01 October 2008
It seems like in today's world, often the firms and designers given the most applause and publicity are the ones pushing the envelope of possibility. The more daring the design, the taller the building, the more innovative the project, the more praise, the more success. Of course, it is vital that the profession advance, and that new and innovative buildings are created. As societal and technical advances are made, architecture too must adapt and change. However, as buildings are pushing their vertical limit in Dubai and high end designs are becoming more and more ecologically friendly and technically advanced, what happens to the large portion of our society not only financially unable to reap the benefits of this new wave of innovation, but at the same time seemingly pushed aside in favor of designs that will draw attention and prove economically successful?
How does one determine a successful design, when those measures span in range from the digital morphology of form concocted by architects like Frank Gehry and Santiago Calatrava to new ways to encourage a successful merging of incomes, races, genders, and lifestyles in the multi-family living environment. Could it be argued that a design is actually more societally effective if it is not a multi-million dollar, eye-catching project, but rather a cost-effective complement to the historical fabric of an environment? I make no attempt to answer that question (although I often find myself leaning towards one direction) for both of these components of design are important to progression of the architectural field. The underlying point remains, that although architects are agents of design and artistry, they are also dictators of societal patterns. The successes and failures of institution, housing development, governmental regulations, etc. can often be linked to the surrounding built environment.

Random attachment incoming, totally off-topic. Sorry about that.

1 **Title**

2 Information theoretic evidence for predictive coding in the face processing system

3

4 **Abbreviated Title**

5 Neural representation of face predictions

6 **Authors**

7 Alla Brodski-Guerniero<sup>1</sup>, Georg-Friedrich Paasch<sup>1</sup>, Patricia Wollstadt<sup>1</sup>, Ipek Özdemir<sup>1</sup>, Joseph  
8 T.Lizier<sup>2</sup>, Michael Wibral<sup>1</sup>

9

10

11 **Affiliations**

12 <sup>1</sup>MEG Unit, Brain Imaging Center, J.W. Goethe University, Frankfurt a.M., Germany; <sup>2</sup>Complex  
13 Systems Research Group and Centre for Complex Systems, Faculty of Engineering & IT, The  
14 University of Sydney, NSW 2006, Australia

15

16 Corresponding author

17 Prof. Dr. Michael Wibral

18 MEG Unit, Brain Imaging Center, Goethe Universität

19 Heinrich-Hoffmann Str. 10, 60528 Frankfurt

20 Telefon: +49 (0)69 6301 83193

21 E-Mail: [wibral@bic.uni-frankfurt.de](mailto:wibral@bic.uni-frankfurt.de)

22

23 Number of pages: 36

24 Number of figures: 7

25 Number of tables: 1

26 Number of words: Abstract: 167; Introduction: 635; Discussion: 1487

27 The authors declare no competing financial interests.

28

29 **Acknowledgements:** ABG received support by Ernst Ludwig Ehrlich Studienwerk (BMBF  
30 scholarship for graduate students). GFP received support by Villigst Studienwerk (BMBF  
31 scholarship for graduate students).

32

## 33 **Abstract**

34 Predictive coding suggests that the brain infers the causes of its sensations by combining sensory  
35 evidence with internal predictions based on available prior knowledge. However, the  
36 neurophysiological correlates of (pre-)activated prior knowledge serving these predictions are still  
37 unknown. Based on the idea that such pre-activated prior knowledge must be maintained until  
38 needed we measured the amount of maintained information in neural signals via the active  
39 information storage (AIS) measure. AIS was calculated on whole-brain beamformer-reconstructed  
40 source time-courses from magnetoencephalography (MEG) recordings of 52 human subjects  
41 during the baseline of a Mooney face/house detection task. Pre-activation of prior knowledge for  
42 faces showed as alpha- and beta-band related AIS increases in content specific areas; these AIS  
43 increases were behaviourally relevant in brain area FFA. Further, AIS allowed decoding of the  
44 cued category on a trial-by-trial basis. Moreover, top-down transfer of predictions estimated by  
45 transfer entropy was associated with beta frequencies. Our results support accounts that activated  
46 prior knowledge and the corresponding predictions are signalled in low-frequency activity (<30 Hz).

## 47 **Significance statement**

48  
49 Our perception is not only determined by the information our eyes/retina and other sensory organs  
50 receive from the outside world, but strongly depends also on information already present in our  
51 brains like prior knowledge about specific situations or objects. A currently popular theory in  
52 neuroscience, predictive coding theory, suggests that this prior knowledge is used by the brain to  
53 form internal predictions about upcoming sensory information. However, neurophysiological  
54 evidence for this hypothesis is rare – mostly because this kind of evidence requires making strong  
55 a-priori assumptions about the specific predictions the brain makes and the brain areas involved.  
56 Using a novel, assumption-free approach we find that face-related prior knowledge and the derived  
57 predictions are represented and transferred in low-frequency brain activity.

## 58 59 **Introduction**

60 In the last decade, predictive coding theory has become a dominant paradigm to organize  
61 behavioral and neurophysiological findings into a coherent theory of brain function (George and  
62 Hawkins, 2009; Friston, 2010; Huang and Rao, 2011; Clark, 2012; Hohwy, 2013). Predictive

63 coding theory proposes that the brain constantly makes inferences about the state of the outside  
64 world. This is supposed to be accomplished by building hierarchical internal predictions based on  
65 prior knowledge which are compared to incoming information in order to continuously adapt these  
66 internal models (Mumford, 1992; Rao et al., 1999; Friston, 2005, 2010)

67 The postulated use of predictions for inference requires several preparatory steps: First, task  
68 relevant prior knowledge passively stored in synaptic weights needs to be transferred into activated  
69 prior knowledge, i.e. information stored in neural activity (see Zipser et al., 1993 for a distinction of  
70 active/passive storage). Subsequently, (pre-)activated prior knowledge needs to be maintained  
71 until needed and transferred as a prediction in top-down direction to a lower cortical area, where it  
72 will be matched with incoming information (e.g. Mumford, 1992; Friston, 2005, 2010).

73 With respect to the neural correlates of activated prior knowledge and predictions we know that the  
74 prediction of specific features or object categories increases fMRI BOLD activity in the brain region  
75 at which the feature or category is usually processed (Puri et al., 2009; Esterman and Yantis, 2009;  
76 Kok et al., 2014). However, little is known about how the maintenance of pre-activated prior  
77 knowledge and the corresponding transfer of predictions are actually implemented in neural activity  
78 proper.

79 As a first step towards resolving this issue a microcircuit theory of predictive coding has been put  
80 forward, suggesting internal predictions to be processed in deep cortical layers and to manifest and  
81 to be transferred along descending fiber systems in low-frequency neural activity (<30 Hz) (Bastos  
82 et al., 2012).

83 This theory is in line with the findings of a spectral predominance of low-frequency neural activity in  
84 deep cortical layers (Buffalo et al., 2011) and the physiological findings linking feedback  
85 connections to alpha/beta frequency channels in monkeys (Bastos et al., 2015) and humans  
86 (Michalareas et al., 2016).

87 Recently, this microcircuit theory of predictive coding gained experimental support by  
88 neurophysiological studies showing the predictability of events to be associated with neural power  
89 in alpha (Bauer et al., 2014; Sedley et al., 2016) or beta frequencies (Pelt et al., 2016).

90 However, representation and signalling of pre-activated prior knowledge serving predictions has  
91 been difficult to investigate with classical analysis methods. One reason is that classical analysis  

One easy example of this is the astounding failure of the American housing projects of the 1900's. Whoever thought it a wise design decision to gather a city's poor population into cumbersome buildings lacking identity, amenities, convenience, or any sort of redeeming factor was soon proven desperately wrong. We now face a possibly endless and difficult process of repairing this damage and creating an integrated societal structure. It is now important for architects to realize their dramatic impact upon these structures and systems. Whatever the motivation behind design, the result directly impacts society and the way people live. It is vital that as society grows and changes, that architecture advances as well; however, it is also important that we realize that a constant pushing of this envelope must strive to encompass all of society and not just stand out from the rest. Buildings and surroundings dictate the way people think, work, and react to the world around them. As architects, we hold the power to influence and enhance the path of society. As Farson points out in his new book, as architects realize their full potential, there is no limit to the role we can play in future societies.